1) We build this into Javaparser: I think it is a useful feature and I am going to open a ticket to discuss this
    2) As a temporary alternative you can do some reflection trick

    Now about the reflection trick: we use the getter-setters conventions in Javaparser and you can take advantage from that. When you want to remove a node you take the parent node and then through reflection you find all the methods which return nodes or list of nodes. You then invoke those methods to find the field containing the node to remove. Suppose you want to delete a node which is the value of an AssignExpr ( First you get the parent (AssignExpr) and you find it has two methods returning nodes: getTarget and getValue. You invoke them and find that the node you want to delete is returned by getValue. At this point you can invoke setValue(null) and remove the node from the three. This approach can be generalized so that it can be applied to all classes. It would be slow and require some familiarity with how reflection works but it should not be too difficult to implement.

  7. Colin Maxfield
    Colin Maxfield says:

    That reflection trick looks like it will do the trick. I was able to get a form of that working and it wasn’t too bad. I agree that it would be a useful feature but thanks for this work around!

  8. Bianca Del Carretto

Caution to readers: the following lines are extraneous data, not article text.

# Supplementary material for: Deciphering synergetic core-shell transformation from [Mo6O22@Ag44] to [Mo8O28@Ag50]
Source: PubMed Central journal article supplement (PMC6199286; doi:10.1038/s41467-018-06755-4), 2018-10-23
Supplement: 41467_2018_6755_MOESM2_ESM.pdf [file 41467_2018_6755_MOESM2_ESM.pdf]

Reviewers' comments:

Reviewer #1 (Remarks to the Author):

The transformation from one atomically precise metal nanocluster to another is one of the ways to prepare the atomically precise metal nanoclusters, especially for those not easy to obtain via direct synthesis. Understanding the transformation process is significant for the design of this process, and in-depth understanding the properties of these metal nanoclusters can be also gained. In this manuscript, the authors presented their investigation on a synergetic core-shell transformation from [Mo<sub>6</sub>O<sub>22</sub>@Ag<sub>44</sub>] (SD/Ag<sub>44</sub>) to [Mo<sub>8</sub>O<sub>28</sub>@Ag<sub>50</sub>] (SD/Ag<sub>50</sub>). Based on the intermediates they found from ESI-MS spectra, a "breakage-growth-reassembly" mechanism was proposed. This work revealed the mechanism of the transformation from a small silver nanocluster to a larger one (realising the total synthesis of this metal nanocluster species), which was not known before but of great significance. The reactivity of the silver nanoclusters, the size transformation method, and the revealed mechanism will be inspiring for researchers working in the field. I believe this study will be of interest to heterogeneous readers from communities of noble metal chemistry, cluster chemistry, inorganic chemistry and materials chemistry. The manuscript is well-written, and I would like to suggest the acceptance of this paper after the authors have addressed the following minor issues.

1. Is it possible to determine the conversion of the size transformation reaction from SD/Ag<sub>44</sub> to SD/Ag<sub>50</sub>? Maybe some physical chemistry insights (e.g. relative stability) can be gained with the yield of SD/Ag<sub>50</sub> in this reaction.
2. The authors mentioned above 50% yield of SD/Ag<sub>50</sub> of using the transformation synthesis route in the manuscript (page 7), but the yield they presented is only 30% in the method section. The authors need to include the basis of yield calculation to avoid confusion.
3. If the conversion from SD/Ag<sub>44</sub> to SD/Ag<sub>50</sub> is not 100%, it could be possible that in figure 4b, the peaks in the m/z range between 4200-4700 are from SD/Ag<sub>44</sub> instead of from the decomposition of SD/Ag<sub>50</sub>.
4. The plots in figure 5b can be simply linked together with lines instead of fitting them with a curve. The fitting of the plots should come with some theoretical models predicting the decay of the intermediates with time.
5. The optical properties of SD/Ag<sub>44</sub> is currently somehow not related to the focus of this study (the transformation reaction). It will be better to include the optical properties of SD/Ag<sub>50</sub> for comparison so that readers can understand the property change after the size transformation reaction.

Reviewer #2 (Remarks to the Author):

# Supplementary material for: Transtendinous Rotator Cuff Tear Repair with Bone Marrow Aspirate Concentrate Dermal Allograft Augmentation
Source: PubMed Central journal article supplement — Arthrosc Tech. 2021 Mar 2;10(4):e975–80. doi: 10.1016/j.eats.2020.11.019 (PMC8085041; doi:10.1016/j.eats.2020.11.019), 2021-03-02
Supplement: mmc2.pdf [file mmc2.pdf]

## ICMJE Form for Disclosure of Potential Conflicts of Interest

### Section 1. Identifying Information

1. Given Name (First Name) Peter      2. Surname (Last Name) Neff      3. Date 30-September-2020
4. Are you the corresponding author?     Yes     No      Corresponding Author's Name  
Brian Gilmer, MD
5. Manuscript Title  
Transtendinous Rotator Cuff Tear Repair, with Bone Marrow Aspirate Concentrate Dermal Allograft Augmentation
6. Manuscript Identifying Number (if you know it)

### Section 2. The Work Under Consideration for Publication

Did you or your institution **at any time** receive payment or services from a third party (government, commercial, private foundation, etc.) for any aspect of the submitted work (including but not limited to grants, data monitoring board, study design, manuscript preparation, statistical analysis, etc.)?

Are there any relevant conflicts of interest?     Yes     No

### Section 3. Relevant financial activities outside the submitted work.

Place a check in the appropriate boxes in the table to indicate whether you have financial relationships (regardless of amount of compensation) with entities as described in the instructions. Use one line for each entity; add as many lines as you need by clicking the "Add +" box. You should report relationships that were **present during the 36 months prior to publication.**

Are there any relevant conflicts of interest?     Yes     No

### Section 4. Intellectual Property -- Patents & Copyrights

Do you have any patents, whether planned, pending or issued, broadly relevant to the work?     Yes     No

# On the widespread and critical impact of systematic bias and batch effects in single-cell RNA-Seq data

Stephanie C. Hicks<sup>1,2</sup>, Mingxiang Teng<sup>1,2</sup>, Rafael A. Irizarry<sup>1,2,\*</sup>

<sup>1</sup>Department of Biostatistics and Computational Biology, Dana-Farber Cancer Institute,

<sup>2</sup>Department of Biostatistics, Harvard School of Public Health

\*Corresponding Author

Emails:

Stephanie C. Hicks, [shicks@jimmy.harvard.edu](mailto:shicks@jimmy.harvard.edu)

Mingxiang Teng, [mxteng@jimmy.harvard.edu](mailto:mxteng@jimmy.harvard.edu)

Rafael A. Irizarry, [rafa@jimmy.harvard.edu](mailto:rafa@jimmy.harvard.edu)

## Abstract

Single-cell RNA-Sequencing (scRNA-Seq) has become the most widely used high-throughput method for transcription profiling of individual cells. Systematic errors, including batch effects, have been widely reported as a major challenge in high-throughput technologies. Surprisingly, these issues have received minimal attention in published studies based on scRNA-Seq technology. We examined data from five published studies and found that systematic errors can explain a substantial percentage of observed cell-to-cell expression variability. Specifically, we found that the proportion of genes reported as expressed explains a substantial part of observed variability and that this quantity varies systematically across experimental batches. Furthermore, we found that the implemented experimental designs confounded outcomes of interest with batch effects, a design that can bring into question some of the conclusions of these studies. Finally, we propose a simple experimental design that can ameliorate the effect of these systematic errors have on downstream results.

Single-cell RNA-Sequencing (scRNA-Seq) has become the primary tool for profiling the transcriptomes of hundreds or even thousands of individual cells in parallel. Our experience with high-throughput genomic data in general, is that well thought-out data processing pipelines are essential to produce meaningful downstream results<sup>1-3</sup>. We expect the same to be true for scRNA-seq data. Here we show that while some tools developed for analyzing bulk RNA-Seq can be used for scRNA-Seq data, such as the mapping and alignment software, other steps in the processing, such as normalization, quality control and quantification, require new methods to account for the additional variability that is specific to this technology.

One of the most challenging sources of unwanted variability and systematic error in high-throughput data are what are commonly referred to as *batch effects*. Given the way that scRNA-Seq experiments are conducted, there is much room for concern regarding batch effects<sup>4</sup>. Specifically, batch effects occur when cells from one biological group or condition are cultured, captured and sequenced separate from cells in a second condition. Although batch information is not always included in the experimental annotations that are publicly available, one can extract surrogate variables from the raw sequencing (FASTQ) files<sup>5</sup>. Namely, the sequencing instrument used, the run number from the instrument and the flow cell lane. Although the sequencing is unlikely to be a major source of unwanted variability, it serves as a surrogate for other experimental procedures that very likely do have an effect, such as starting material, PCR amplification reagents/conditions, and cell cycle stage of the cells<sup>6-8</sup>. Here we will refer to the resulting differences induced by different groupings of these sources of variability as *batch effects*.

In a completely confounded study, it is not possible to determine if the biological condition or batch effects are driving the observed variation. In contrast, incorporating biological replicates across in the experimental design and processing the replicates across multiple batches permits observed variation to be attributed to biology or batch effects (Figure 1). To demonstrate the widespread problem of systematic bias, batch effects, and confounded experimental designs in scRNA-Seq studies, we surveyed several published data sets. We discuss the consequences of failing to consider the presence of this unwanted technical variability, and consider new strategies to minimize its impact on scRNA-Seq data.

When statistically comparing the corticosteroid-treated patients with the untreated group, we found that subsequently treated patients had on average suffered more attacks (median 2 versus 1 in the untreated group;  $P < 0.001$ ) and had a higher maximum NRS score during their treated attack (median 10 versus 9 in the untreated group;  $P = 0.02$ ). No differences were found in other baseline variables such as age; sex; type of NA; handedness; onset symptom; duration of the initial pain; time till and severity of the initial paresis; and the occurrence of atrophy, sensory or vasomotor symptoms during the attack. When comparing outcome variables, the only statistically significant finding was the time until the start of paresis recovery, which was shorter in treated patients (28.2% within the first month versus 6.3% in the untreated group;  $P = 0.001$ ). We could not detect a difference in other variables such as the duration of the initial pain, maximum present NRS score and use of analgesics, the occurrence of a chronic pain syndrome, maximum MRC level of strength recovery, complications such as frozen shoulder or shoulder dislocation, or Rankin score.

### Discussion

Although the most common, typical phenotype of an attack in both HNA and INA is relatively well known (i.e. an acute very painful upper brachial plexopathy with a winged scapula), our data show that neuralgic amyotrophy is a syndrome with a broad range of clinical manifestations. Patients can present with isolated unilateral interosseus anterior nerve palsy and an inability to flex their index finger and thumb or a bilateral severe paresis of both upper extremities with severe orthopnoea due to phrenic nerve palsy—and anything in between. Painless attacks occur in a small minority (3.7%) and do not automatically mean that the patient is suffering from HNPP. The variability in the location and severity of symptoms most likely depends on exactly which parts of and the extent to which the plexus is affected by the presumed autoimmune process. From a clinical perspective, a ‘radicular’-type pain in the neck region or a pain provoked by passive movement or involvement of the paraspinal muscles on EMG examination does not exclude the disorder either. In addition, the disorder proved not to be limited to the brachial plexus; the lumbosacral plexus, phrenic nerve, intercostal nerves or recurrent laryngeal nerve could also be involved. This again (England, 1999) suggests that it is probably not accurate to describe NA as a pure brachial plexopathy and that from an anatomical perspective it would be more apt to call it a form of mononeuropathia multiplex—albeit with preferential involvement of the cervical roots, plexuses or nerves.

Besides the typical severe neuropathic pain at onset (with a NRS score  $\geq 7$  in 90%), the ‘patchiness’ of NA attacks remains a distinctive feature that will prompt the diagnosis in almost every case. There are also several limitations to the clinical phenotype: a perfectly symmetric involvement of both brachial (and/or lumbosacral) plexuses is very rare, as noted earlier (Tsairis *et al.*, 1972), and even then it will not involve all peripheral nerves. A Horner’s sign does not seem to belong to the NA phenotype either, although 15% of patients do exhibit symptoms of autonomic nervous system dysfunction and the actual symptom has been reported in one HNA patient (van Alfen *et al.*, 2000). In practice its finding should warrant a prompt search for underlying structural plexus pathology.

Bianca Del Carretto says:

    Hi Federico,

    Sorry if I am bothering you with a silly question, but can I run Junit test in command line? I am not able to do so with gradle test because there is no test task, maybe shall I add it to the build file?

    I would like to completely understand how to obtain an ast from source Java code.

    Thanks a lot!

  9. Federico Tomassetti
    Federico Tomassetti says:

    Ciao Bianca,
    there are no silly questions, only not exhaustive posts 🙂
    There are no tests so you can run them but if you write tests under src/test/ you can then run them with ./gradlew test
    Does it help?

  10. Bianca Del Carretto
    Bianca Del Carretto says:

    It helps a lot, thank you very much.
    I have just another question for you: do you think I can use javaparser to obtain a graph grammar from java source code?
    I should make this transformation for my master thesis.

    Thanks again!

  11. Federico Tomassetti
    Federico Tomassetti says:

    What do you mean by graph grammar?
    JavaParser produces an Abstract Syntax Tree. If you meant you need an AST then sure.
    If you meant instead a Graph because you need to have links from usages of symbols and their definitions then you need to use JavaSymbolSolver together with JavaParser.